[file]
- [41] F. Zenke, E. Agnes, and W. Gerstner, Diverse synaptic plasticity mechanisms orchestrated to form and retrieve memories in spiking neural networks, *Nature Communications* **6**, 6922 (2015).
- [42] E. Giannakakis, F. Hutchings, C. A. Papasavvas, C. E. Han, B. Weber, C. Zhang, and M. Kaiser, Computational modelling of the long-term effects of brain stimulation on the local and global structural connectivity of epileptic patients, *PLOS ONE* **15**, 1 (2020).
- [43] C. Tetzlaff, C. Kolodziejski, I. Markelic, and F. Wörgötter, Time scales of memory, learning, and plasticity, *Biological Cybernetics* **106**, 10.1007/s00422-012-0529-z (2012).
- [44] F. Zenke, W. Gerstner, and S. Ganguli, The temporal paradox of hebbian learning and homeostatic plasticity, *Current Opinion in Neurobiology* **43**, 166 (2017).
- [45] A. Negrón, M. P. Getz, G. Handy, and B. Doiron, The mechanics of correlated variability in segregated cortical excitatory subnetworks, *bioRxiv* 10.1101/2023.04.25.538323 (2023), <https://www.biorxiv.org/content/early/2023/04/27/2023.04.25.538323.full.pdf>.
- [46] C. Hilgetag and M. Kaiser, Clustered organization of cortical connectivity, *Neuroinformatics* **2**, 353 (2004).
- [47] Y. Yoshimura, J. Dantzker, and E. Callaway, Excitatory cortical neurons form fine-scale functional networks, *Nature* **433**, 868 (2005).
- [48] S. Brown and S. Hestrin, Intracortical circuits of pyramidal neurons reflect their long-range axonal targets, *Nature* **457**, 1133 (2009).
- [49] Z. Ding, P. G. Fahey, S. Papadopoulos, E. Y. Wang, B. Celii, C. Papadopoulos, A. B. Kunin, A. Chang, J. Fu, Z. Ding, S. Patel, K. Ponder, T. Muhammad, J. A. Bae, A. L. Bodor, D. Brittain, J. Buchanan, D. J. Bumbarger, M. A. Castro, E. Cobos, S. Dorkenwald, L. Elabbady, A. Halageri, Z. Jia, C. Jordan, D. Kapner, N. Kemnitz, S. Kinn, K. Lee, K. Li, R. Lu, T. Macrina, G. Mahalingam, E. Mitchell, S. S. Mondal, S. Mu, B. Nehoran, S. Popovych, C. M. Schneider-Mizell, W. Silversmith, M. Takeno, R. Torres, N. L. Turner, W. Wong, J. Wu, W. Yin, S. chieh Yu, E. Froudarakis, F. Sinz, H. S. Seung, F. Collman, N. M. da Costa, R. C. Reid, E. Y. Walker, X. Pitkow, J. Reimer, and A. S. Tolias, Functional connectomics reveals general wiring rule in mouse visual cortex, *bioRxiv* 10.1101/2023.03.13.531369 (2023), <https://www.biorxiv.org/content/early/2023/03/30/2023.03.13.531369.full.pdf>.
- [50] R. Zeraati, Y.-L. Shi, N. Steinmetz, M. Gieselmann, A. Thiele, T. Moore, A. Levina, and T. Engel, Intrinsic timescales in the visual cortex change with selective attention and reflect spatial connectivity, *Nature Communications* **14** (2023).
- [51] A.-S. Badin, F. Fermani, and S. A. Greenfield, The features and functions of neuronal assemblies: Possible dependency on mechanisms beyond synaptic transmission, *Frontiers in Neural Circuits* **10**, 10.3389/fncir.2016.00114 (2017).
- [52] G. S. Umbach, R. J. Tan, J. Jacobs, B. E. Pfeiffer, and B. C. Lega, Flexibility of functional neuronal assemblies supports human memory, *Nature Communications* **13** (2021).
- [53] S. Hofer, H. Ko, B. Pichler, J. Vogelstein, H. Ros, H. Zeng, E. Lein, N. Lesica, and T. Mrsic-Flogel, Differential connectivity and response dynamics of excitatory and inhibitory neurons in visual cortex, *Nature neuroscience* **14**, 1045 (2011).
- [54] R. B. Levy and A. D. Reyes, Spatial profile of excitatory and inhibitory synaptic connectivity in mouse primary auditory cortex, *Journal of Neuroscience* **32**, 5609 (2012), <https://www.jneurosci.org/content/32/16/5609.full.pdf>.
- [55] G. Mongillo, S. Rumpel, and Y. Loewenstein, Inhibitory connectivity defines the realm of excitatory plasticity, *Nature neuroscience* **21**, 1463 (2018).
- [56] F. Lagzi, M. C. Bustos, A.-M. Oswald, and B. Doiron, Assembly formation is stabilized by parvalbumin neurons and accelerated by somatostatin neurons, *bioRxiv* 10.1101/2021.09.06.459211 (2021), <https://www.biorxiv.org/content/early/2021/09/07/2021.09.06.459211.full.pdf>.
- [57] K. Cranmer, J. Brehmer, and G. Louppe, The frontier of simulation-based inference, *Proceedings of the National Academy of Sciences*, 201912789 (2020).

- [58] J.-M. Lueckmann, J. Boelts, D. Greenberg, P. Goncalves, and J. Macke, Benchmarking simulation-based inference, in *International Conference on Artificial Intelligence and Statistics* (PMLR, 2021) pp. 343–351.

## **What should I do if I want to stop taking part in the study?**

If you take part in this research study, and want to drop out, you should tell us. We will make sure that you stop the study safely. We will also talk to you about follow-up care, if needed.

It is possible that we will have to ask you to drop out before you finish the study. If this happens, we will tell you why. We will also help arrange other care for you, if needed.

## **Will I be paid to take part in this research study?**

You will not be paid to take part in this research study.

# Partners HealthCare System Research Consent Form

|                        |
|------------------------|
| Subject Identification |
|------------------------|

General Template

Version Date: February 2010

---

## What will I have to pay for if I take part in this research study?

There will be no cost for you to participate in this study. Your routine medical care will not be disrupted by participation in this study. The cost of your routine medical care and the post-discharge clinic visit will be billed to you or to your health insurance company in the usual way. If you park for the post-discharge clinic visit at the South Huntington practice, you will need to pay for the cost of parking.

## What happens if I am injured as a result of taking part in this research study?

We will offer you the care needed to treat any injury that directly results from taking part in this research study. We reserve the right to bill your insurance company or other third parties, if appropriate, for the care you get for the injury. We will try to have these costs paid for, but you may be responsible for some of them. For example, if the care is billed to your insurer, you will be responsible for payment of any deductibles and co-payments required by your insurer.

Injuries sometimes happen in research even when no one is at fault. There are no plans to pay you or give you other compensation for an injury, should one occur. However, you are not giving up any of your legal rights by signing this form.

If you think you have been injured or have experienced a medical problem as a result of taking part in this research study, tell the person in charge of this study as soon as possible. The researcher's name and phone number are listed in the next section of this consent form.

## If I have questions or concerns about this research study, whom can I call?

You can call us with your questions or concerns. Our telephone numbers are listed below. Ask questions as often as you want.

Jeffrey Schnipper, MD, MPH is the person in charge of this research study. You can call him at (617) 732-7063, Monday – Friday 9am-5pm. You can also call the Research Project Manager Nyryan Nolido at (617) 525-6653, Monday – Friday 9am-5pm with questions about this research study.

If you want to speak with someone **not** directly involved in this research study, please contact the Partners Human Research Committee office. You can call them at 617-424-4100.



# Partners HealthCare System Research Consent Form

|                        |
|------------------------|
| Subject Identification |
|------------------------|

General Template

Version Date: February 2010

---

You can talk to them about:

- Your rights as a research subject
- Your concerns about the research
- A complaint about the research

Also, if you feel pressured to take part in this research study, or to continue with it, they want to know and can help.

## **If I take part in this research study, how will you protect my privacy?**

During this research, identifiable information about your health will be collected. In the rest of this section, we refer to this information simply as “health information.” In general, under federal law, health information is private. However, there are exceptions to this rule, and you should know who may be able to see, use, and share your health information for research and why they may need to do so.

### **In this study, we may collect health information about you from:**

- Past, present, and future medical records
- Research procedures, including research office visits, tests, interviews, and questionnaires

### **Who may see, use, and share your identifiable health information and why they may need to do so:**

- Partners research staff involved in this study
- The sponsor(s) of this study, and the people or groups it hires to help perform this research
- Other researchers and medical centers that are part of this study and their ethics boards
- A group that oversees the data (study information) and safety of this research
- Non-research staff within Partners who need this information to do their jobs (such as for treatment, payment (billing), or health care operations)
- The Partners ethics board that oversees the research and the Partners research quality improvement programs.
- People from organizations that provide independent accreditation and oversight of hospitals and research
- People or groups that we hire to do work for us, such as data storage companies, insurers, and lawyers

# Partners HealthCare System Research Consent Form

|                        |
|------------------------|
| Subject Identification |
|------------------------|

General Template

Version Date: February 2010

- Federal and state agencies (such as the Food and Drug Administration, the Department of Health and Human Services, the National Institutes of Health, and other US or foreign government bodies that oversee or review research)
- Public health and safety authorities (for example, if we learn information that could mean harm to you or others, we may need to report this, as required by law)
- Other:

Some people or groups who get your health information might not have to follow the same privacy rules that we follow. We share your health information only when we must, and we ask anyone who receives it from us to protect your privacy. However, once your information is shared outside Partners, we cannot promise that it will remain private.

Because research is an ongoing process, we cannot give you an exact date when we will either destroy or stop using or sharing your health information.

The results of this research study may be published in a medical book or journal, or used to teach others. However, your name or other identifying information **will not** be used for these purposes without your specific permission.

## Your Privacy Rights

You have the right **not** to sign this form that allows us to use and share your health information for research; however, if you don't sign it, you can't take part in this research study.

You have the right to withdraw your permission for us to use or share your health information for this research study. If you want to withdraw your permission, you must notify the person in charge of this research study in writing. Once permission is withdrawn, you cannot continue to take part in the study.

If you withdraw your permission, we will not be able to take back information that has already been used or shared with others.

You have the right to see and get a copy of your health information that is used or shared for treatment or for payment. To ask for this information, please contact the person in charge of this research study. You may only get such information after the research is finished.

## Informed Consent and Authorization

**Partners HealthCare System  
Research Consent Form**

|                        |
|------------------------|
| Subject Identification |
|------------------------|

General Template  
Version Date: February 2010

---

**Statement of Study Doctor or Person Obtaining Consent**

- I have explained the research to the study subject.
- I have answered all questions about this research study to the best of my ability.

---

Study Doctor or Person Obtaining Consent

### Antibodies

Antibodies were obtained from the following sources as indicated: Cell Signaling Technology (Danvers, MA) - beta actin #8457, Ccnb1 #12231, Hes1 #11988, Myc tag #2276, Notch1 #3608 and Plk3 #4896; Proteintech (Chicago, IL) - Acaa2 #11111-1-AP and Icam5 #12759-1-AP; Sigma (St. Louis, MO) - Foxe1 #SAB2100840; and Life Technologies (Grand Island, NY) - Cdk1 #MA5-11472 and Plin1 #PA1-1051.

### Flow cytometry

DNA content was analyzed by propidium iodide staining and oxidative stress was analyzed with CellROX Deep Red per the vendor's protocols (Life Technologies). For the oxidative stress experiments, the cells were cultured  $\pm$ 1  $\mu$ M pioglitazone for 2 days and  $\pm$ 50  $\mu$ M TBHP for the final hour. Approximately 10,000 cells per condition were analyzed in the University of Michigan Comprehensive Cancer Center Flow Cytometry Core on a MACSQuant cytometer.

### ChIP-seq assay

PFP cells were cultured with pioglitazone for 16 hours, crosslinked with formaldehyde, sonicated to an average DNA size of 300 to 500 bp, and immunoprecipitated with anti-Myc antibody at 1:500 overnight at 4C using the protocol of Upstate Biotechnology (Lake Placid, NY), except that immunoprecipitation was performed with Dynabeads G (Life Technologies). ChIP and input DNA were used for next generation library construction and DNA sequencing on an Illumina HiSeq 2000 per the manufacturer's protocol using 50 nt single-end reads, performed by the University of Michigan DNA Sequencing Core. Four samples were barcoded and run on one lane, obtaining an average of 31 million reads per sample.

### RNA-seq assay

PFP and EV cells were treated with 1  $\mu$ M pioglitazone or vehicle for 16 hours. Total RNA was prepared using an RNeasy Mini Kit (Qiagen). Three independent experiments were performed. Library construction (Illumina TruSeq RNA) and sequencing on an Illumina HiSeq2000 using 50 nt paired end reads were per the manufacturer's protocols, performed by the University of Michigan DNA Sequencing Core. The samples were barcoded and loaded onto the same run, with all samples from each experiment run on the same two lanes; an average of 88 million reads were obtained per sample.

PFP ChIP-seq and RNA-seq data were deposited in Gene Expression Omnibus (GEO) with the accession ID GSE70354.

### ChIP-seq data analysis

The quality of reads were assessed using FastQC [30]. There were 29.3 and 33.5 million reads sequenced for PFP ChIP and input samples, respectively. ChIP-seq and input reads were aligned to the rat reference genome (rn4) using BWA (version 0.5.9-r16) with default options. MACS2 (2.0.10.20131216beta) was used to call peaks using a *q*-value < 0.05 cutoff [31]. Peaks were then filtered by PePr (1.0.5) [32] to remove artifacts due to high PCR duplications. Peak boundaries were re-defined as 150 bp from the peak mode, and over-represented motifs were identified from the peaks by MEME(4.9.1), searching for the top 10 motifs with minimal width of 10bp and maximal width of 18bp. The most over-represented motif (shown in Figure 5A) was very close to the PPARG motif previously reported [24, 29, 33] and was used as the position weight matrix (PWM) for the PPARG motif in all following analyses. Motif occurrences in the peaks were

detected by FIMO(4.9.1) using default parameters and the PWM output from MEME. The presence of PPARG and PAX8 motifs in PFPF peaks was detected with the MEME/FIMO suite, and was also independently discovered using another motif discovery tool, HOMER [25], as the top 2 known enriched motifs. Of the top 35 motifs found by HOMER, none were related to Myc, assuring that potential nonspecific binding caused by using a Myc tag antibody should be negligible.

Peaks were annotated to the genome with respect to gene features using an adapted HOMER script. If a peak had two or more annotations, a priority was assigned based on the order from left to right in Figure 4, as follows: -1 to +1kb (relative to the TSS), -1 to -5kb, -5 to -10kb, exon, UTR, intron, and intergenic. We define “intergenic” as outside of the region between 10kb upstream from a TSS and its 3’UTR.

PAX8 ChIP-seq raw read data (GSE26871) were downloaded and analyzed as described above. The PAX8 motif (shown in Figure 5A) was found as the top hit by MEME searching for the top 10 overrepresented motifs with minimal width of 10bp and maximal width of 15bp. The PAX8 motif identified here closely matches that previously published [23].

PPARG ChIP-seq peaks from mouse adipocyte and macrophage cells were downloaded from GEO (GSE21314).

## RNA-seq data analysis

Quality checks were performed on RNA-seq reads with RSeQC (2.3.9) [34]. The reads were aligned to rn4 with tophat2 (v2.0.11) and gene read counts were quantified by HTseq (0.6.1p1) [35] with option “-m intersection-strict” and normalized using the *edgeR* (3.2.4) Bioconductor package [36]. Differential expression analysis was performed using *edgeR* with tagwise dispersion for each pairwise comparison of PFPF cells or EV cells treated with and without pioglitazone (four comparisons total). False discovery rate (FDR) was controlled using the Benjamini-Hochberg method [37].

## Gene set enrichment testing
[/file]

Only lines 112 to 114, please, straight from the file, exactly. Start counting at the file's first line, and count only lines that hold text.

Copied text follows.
The quality of reads were assessed using FastQC [30]. There were 29.3 and 33.5 million reads sequenced for PFP ChIP and input samples, respectively. ChIP-seq and input reads were aligned to the rat reference genome (rn4) using BWA (version 0.5.9-r16) with default options. MACS2 (2.0.10.20131216beta) was used to call peaks using a *q*-value < 0.05 cutoff [31]. Peaks were then filtered by PePr (1.0.5) [32] to remove artifacts due to high PCR duplications. Peak boundaries were re-defined as 150 bp from the peak mode, and over-represented motifs were identified from the peaks by MEME(4.9.1), searching for the top 10 motifs with minimal width of 10bp and maximal width of 18bp. The most over-represented motif (shown in Figure 5A) was very close to the PPARG motif previously reported [24, 29, 33] and was used as the position weight matrix (PWM) for the PPARG motif in all following analyses. Motif occurrences in the peaks were

detected by FIMO(4.9.1) using default parameters and the PWM output from MEME. The presence of PPARG and PAX8 motifs in PFPF peaks was detected with the MEME/FIMO suite, and was also independently discovered using another motif discovery tool, HOMER [25], as the top 2 known enriched motifs. Of the top 35 motifs found by HOMER, none were related to Myc, assuring that potential nonspecific binding caused by using a Myc tag antibody should be negligible.

Peaks were annotated to the genome with respect to gene features using an adapted HOMER script. If a peak had two or more annotations, a priority was assigned based on the order from left to right in Figure 4, as follows: -1 to +1kb (relative to the TSS), -1 to -5kb, -5 to -10kb, exon, UTR, intron, and intergenic. We define “intergenic” as outside of the region between 10kb upstream from a TSS and its 3’UTR.